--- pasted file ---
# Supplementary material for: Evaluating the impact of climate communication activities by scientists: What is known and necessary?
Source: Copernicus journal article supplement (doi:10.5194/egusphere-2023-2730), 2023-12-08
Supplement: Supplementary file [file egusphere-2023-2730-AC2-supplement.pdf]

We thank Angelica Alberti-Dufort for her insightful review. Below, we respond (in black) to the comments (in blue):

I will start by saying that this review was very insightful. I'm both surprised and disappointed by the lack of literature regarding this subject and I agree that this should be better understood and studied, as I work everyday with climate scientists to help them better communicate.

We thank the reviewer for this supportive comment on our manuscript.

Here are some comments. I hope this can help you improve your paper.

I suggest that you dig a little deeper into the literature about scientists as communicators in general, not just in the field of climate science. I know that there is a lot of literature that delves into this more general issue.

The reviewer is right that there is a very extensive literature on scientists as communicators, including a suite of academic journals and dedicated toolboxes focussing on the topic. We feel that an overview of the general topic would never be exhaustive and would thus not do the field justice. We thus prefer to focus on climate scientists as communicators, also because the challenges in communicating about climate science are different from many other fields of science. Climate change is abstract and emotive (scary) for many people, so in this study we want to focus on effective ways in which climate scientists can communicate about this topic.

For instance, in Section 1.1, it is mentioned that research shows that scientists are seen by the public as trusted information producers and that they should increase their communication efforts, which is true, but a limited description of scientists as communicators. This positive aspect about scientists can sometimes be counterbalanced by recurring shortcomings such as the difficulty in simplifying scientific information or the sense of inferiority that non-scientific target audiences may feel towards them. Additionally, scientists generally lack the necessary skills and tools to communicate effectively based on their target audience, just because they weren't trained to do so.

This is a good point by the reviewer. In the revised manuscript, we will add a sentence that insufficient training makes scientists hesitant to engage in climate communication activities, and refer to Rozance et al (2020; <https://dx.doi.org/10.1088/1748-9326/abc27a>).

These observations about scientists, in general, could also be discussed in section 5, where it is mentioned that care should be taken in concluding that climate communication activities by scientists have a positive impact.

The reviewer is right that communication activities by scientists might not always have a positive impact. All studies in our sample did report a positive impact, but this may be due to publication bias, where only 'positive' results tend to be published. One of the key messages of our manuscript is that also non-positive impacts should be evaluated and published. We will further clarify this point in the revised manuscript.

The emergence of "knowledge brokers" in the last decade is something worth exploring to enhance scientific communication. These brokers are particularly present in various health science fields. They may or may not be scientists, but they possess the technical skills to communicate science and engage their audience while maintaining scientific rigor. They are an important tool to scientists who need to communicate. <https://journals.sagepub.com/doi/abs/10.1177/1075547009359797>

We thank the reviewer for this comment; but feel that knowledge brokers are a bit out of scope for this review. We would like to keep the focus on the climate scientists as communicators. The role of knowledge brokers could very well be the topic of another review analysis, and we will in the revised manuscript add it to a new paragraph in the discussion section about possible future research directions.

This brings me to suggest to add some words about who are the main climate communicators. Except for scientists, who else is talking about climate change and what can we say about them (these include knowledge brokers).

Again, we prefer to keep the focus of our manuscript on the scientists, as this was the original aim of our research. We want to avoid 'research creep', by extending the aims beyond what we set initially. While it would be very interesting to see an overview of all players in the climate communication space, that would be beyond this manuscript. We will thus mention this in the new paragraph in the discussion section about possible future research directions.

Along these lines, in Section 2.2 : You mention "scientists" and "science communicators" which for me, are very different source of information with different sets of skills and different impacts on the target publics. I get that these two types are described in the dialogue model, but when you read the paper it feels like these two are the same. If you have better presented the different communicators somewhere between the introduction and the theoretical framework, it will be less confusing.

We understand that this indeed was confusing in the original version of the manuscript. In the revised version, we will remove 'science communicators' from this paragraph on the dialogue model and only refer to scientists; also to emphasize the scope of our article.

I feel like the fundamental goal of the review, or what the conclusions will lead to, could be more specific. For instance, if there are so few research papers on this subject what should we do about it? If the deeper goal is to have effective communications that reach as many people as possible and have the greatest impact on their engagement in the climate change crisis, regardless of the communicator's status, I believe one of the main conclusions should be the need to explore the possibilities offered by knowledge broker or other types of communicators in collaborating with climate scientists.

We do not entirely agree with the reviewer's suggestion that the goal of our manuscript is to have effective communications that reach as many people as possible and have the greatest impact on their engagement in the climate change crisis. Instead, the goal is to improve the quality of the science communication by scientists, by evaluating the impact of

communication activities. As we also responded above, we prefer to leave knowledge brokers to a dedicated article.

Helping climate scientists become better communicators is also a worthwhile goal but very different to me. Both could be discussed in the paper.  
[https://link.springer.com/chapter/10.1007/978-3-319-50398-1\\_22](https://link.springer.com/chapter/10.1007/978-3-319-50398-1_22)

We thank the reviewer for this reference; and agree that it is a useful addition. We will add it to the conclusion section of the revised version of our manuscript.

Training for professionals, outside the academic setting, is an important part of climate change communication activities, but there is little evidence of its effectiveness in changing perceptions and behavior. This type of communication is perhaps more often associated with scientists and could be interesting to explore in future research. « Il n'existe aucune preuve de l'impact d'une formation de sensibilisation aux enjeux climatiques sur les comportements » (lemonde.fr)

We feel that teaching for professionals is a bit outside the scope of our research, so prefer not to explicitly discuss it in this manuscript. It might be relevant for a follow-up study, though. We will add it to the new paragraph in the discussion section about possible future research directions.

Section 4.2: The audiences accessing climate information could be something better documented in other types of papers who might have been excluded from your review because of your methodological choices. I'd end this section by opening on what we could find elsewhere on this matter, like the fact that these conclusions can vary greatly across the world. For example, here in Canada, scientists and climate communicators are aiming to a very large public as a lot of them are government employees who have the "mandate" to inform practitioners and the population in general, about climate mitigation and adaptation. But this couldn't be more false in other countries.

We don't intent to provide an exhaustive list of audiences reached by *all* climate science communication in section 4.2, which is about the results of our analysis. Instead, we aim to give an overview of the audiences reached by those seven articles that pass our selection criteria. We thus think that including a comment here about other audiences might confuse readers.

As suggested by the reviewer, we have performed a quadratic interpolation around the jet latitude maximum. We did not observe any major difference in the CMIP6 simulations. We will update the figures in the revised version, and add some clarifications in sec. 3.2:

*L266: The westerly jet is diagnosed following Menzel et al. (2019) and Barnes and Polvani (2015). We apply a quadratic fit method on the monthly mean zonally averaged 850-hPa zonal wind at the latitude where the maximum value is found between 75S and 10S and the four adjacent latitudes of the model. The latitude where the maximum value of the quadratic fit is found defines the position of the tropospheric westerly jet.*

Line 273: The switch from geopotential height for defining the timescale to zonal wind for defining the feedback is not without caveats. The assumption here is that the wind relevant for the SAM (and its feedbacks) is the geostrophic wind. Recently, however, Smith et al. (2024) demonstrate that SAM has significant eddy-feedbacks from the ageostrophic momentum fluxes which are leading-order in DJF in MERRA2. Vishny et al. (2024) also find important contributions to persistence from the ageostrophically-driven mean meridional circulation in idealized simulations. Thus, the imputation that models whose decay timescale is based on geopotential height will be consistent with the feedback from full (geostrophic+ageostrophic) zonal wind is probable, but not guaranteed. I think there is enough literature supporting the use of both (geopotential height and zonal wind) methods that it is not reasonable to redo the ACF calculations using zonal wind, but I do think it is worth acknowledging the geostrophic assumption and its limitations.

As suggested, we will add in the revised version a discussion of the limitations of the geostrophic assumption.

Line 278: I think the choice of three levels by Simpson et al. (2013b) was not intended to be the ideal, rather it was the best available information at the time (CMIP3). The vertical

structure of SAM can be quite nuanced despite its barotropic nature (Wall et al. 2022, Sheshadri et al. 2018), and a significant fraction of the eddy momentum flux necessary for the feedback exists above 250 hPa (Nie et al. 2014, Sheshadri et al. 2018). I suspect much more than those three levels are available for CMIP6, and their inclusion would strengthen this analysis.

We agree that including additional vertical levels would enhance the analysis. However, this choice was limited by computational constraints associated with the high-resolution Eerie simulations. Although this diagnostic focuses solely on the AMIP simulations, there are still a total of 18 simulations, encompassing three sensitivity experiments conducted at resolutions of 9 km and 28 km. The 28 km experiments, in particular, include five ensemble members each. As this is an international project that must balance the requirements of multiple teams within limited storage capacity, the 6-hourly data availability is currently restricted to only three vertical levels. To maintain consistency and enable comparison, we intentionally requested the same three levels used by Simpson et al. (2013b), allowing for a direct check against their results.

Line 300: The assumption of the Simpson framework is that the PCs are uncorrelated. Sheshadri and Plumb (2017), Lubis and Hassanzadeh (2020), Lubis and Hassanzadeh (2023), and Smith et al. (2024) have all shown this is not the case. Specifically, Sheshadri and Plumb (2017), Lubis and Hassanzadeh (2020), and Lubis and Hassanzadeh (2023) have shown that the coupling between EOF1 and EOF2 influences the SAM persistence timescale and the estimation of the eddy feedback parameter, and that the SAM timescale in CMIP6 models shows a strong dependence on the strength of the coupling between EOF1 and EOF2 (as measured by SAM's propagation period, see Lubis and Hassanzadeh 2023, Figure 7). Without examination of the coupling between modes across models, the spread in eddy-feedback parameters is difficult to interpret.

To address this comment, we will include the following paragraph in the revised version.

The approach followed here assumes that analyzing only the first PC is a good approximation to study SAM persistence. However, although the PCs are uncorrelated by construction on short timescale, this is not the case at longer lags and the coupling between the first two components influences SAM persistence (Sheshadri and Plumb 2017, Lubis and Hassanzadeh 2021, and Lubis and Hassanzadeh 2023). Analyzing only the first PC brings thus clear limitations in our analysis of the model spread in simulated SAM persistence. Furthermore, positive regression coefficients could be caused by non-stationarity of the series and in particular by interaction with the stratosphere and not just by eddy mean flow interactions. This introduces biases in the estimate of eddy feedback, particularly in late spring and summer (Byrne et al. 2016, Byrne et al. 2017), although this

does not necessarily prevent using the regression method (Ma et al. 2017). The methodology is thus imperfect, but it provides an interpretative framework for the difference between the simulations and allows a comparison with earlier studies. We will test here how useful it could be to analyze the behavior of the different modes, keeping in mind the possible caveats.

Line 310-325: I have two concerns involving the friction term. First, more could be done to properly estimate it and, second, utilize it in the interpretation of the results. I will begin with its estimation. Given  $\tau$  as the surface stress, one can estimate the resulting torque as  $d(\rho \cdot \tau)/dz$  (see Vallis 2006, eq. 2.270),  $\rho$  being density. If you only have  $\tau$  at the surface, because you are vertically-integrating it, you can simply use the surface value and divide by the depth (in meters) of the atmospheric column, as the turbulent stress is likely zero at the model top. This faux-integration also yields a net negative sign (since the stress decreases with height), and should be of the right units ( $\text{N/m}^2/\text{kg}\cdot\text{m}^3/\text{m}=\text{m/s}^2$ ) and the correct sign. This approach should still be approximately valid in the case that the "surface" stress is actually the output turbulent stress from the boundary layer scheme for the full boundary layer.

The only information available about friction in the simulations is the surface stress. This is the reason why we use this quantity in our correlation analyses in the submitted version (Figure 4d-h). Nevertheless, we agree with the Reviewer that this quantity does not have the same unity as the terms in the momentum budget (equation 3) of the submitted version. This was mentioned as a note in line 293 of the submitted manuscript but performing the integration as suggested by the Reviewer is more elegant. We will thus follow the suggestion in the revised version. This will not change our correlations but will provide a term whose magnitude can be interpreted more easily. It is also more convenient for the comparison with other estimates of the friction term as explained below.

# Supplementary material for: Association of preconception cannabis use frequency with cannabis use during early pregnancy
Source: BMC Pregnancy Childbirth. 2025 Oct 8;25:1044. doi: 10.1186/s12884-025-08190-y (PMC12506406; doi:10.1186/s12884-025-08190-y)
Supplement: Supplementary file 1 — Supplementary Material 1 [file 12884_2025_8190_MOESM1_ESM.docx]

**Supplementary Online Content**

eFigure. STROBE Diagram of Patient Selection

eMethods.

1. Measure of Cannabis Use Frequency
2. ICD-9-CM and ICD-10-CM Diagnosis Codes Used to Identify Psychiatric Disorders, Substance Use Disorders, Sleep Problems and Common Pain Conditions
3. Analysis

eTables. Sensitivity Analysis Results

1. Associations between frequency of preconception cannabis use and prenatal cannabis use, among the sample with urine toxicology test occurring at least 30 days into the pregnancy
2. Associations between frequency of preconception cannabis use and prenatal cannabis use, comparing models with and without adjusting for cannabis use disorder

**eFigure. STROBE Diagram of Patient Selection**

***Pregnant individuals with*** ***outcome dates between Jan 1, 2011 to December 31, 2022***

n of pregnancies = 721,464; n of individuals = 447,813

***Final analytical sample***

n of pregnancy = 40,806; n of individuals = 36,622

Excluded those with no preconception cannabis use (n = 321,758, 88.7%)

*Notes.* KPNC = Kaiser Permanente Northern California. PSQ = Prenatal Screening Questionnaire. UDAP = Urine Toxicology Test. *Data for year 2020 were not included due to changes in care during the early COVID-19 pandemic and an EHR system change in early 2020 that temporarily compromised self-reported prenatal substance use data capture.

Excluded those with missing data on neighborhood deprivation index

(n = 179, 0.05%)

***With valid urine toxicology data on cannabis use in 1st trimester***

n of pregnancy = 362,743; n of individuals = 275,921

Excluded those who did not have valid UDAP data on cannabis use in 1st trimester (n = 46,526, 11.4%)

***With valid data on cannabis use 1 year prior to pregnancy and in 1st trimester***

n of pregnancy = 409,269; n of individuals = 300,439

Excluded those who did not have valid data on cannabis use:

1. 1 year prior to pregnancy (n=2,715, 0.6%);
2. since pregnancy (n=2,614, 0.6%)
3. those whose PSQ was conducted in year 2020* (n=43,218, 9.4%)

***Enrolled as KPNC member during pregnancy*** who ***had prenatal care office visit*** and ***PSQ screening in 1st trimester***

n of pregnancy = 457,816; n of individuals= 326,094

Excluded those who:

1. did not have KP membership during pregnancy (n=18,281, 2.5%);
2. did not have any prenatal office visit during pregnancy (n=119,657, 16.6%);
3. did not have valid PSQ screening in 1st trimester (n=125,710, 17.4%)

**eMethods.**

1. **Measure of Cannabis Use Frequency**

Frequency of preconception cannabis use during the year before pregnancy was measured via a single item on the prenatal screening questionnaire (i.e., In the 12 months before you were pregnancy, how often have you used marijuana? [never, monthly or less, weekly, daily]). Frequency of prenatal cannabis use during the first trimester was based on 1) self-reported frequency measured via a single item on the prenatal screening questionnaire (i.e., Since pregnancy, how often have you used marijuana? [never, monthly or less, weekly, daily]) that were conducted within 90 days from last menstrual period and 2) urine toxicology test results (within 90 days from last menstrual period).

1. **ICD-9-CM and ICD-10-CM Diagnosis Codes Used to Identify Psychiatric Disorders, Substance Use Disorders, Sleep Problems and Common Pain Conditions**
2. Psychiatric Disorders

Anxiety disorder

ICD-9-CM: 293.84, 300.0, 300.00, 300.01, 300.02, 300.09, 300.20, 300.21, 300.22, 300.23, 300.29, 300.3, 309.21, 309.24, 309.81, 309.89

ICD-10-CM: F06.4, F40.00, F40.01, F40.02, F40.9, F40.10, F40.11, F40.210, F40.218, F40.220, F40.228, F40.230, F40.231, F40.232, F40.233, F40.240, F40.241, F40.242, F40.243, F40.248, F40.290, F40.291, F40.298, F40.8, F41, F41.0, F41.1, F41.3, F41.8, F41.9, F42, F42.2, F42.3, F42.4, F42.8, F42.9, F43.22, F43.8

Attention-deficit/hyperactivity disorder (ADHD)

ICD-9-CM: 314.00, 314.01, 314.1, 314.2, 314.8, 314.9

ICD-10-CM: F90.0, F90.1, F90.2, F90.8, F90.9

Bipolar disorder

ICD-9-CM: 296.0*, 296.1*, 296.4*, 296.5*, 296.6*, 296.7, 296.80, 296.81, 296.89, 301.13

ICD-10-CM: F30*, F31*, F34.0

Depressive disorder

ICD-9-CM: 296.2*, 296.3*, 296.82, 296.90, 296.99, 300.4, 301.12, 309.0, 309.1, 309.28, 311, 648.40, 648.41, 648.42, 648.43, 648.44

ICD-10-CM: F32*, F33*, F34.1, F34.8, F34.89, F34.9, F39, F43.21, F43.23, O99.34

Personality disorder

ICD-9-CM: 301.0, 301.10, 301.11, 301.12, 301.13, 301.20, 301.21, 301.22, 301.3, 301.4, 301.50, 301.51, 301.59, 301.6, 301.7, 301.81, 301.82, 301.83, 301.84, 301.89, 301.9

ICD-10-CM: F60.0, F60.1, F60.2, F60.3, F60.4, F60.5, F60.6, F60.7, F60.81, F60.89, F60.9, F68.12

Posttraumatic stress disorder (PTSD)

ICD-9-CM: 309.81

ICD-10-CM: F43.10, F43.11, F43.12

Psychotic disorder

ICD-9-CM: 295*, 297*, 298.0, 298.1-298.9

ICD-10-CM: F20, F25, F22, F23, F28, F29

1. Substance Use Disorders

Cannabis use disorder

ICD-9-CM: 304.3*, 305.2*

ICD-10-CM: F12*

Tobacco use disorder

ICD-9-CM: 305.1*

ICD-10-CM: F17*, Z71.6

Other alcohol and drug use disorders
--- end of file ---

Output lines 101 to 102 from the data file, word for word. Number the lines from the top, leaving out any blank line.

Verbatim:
ICD-10-CM: F43.10, F43.11, F43.12

Psychotic disorder